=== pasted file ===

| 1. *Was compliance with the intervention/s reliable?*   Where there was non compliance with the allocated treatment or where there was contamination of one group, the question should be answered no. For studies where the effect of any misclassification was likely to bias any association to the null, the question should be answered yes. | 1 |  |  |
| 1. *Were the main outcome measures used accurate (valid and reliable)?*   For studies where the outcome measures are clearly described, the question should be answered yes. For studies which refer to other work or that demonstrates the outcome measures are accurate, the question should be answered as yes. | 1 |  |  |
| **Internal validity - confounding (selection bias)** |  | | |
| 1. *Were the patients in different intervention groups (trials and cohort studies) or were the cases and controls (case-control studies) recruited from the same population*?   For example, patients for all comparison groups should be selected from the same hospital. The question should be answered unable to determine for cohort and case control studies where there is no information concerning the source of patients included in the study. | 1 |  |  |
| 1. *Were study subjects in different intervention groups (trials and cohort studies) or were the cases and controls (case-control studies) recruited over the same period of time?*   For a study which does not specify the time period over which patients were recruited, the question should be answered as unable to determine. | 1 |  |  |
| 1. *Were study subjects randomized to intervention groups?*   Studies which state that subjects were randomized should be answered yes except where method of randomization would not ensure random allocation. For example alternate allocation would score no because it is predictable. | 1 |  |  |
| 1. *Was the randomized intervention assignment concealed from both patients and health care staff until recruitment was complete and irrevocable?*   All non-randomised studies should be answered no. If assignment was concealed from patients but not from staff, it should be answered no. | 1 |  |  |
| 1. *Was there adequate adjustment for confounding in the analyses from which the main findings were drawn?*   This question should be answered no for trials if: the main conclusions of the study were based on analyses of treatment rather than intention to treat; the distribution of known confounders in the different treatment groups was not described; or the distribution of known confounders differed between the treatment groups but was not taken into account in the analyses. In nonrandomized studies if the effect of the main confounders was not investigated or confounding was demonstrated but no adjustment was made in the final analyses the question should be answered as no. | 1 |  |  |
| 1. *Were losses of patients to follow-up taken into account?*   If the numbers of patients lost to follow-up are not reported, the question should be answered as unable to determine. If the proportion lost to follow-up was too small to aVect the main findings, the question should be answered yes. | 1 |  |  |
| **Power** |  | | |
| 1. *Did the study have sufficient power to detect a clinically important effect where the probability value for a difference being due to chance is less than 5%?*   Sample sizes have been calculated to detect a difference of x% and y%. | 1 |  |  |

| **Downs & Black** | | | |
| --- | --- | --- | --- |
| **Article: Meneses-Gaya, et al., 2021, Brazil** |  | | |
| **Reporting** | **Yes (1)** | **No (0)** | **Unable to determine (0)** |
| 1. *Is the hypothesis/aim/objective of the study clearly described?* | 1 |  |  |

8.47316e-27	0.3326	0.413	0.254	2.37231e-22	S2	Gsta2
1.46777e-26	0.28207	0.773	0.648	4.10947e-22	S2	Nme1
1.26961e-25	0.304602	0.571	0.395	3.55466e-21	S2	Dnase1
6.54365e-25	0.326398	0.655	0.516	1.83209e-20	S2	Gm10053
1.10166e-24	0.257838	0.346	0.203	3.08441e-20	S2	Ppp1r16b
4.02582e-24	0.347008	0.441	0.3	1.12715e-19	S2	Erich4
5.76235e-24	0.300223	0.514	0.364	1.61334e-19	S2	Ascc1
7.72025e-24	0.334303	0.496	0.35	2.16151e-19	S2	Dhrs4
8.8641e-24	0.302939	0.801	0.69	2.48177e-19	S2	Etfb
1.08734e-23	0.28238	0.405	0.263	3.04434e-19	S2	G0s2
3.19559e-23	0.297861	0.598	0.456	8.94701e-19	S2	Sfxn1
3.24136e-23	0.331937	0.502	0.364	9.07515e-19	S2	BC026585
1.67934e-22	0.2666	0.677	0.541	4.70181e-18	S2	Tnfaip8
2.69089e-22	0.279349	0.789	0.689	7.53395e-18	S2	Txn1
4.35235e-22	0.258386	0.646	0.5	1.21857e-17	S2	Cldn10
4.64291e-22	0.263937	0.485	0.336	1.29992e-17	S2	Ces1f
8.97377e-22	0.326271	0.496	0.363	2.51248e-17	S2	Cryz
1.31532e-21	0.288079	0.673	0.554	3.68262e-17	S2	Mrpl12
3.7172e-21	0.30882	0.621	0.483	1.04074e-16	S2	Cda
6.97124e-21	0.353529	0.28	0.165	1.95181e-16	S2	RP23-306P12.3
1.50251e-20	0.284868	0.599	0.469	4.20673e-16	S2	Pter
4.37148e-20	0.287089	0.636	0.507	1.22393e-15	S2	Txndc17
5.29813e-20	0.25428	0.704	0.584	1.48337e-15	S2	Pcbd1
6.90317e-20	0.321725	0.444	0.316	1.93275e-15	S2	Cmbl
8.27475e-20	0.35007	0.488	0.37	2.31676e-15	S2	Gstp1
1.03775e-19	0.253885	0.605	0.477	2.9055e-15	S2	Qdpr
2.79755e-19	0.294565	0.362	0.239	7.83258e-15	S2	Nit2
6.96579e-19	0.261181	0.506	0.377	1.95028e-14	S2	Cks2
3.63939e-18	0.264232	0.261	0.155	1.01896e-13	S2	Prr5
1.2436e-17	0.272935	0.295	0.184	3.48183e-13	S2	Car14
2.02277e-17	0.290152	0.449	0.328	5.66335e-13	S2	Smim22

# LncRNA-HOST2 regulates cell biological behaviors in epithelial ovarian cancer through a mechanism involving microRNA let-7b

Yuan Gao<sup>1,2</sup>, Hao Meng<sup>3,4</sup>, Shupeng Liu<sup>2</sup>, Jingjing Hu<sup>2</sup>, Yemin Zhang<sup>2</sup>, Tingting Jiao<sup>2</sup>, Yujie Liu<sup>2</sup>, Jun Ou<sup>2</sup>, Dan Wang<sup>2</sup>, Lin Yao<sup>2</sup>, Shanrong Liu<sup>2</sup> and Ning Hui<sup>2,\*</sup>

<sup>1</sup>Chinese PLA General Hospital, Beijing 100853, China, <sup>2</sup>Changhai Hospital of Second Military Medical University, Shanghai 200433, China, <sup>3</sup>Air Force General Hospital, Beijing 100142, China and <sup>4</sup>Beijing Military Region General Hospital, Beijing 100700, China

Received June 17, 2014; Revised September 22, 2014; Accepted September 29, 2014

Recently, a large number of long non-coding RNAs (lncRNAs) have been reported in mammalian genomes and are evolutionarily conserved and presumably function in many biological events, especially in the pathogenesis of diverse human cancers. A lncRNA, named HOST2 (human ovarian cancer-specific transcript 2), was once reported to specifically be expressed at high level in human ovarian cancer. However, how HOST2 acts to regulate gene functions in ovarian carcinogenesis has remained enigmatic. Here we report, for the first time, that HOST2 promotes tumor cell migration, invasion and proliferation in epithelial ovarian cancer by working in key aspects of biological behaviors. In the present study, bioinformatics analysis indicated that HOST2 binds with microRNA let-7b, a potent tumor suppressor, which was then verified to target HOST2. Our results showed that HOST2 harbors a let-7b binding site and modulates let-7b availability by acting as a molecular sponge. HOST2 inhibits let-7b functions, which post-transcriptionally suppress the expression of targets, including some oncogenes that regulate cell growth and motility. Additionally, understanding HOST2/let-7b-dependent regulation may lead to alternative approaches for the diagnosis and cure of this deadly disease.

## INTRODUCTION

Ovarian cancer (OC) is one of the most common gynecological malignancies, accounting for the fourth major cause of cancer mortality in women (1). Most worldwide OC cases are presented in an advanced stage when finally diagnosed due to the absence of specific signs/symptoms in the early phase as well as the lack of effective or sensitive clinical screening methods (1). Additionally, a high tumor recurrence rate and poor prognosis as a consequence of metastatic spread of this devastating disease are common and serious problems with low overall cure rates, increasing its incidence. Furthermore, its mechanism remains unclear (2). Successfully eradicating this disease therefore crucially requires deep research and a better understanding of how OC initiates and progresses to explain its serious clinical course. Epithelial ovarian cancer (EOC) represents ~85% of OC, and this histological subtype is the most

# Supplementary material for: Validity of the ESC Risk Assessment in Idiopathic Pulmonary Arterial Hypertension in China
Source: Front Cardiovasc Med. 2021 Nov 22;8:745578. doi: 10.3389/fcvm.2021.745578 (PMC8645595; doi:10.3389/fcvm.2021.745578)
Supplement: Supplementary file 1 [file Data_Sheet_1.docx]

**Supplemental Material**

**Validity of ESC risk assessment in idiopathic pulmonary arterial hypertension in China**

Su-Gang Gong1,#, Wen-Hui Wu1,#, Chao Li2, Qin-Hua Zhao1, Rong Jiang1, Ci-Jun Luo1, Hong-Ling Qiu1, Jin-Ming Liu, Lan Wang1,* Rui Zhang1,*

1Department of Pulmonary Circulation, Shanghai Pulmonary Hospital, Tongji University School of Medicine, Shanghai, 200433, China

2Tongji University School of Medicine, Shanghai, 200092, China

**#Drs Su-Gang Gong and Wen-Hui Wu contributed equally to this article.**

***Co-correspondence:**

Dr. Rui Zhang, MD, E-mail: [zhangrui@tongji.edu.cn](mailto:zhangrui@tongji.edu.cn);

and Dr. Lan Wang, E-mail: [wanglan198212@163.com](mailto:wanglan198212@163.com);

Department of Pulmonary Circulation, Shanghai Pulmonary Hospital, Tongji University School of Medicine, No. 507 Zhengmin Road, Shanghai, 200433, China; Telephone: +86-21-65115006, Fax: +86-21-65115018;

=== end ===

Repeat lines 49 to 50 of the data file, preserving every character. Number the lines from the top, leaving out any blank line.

Yuan Gao<sup>1,2</sup>, Hao Meng<sup>3,4</sup>, Shupeng Liu<sup>2</sup>, Jingjing Hu<sup>2</sup>, Yemin Zhang<sup>2</sup>, Tingting Jiao<sup>2</sup>, Yujie Liu<sup>2</sup>, Jun Ou<sup>2</sup>, Dan Wang<sup>2</sup>, Lin Yao<sup>2</sup>, Shanrong Liu<sup>2</sup> and Ning Hui<sup>2,\*</sup>

<sup>1</sup>Chinese PLA General Hospital, Beijing 100853, China, <sup>2</sup>Changhai Hospital of Second Military Medical University, Shanghai 200433, China, <sup>3</sup>Air Force General Hospital, Beijing 100142, China and <sup>4</sup>Beijing Military Region General Hospital, Beijing 100700, China